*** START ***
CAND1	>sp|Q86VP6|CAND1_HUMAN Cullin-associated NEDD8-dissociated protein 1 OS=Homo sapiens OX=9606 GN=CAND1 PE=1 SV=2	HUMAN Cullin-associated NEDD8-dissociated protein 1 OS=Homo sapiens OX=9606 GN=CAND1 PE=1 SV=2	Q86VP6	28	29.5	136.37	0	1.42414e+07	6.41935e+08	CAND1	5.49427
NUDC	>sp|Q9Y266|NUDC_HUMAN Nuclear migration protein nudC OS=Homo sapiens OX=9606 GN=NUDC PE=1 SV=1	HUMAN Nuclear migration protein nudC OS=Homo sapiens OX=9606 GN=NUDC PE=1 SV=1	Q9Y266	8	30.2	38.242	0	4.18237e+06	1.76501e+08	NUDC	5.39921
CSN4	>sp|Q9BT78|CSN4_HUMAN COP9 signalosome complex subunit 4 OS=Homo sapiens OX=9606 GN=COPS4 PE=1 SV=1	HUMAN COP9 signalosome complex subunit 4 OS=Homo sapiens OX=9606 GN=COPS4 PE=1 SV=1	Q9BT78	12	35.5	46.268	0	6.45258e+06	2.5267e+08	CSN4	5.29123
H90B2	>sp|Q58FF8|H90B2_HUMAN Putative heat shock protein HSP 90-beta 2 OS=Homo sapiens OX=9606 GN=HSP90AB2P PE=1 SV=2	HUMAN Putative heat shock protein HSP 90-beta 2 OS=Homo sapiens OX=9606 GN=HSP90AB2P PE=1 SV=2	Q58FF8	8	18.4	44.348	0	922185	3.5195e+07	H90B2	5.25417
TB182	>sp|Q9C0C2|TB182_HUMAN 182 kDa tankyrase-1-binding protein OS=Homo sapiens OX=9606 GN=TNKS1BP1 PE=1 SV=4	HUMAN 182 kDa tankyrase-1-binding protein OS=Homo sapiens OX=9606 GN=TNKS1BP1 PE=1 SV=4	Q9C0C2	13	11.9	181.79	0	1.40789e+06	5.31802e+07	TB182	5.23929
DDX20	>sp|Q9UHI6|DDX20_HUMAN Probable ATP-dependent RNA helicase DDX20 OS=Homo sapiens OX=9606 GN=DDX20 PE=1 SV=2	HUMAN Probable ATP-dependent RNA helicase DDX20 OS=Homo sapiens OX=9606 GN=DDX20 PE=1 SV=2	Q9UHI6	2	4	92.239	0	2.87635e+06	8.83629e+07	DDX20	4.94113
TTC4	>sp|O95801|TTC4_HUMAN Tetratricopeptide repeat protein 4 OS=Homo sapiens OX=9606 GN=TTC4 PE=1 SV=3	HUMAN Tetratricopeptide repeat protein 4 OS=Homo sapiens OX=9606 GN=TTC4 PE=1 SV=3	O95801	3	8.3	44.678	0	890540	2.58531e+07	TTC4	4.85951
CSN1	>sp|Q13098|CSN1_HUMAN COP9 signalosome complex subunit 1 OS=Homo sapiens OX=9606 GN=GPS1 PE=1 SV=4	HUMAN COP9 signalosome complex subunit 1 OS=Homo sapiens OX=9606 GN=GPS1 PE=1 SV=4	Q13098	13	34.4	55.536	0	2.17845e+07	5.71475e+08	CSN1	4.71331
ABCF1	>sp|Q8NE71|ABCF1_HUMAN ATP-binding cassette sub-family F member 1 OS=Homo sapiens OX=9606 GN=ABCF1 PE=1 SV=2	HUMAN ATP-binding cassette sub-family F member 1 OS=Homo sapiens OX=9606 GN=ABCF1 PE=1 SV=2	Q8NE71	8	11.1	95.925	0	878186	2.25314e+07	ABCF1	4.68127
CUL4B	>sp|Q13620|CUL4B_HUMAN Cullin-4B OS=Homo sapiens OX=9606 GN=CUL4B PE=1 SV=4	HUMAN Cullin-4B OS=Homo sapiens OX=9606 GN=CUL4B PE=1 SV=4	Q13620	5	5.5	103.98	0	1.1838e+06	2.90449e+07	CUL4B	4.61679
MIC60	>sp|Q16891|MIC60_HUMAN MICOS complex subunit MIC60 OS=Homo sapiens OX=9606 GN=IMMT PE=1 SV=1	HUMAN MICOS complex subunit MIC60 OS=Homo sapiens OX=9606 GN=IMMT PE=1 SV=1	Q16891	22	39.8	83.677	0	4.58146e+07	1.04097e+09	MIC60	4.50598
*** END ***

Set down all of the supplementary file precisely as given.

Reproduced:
CAND1	>sp|Q86VP6|CAND1_HUMAN Cullin-associated NEDD8-dissociated protein 1 OS=Homo sapiens OX=9606 GN=CAND1 PE=1 SV=2	HUMAN Cullin-associated NEDD8-dissociated protein 1 OS=Homo sapiens OX=9606 GN=CAND1 PE=1 SV=2	Q86VP6	28	29.5	136.37	0	1.42414e+07	6.41935e+08	CAND1	5.49427
NUDC	>sp|Q9Y266|NUDC_HUMAN Nuclear migration protein nudC OS=Homo sapiens OX=9606 GN=NUDC PE=1 SV=1	HUMAN Nuclear migration protein nudC OS=Homo sapiens OX=9606 GN=NUDC PE=1 SV=1	Q9Y266	8	30.2	38.242	0	4.18237e+06	1.76501e+08	NUDC	5.39921
CSN4	>sp|Q9BT78|CSN4_HUMAN COP9 signalosome complex subunit 4 OS=Homo sapiens OX=9606 GN=COPS4 PE=1 SV=1	HUMAN COP9 signalosome complex subunit 4 OS=Homo sapiens OX=9606 GN=COPS4 PE=1 SV=1	Q9BT78	12	35.5	46.268	0	6.45258e+06	2.5267e+08	CSN4	5.29123
H90B2	>sp|Q58FF8|H90B2_HUMAN Putative heat shock protein HSP 90-beta 2 OS=Homo sapiens OX=9606 GN=HSP90AB2P PE=1 SV=2	HUMAN Putative heat shock protein HSP 90-beta 2 OS=Homo sapiens OX=9606 GN=HSP90AB2P PE=1 SV=2	Q58FF8	8	18.4	44.348	0	922185	3.5195e+07	H90B2	5.25417
TB182	>sp|Q9C0C2|TB182_HUMAN 182 kDa tankyrase-1-binding protein OS=Homo sapiens OX=9606 GN=TNKS1BP1 PE=1 SV=4	HUMAN 182 kDa tankyrase-1-binding protein OS=Homo sapiens OX=9606 GN=TNKS1BP1 PE=1 SV=4	Q9C0C2	13	11.9	181.79	0	1.40789e+06	5.31802e+07	TB182	5.23929
DDX20	>sp|Q9UHI6|DDX20_HUMAN Probable ATP-dependent RNA helicase DDX20 OS=Homo sapiens OX=9606 GN=DDX20 PE=1 SV=2	HUMAN Probable ATP-dependent RNA helicase DDX20 OS=Homo sapiens OX=9606 GN=DDX20 PE=1 SV=2	Q9UHI6	2	4	92.239	0	2.87635e+06	8.83629e+07	DDX20	4.94113
TTC4	>sp|O95801|TTC4_HUMAN Tetratricopeptide repeat protein 4 OS=Homo sapiens OX=9606 GN=TTC4 PE=1 SV=3	HUMAN Tetratricopeptide repeat protein 4 OS=Homo sapiens OX=9606 GN=TTC4 PE=1 SV=3	O95801	3	8.3	44.678	0	890540	2.58531e+07	TTC4	4.85951
CSN1	>sp|Q13098|CSN1_HUMAN COP9 signalosome complex subunit 1 OS=Homo sapiens OX=9606 GN=GPS1 PE=1 SV=4	HUMAN COP9 signalosome complex subunit 1 OS=Homo sapiens OX=9606 GN=GPS1 PE=1 SV=4	Q13098	13	34.4	55.536	0	2.17845e+07	5.71475e+08	CSN1	4.71331
ABCF1	>sp|Q8NE71|ABCF1_HUMAN ATP-binding cassette sub-family F member 1 OS=Homo sapiens OX=9606 GN=ABCF1 PE=1 SV=2	HUMAN ATP-binding cassette sub-family F member 1 OS=Homo sapiens OX=9606 GN=ABCF1 PE=1 SV=2	Q8NE71	8	11.1	95.925	0	878186	2.25314e+07	ABCF1	4.68127
CUL4B	>sp|Q13620|CUL4B_HUMAN Cullin-4B OS=Homo sapiens OX=9606 GN=CUL4B PE=1 SV=4	HUMAN Cullin-4B OS=Homo sapiens OX=9606 GN=CUL4B PE=1 SV=4	Q13620	5	5.5	103.98	0	1.1838e+06	2.90449e+07	CUL4B	4.61679
MIC60	>sp|Q16891|MIC60_HUMAN MICOS complex subunit MIC60 OS=Homo sapiens OX=9606 GN=IMMT PE=1 SV=1	HUMAN MICOS complex subunit MIC60 OS=Homo sapiens OX=9606 GN=IMMT PE=1 SV=1	Q16891	22	39.8	83.677	0	4.58146e+07	1.04097e+09	MIC60	4.50598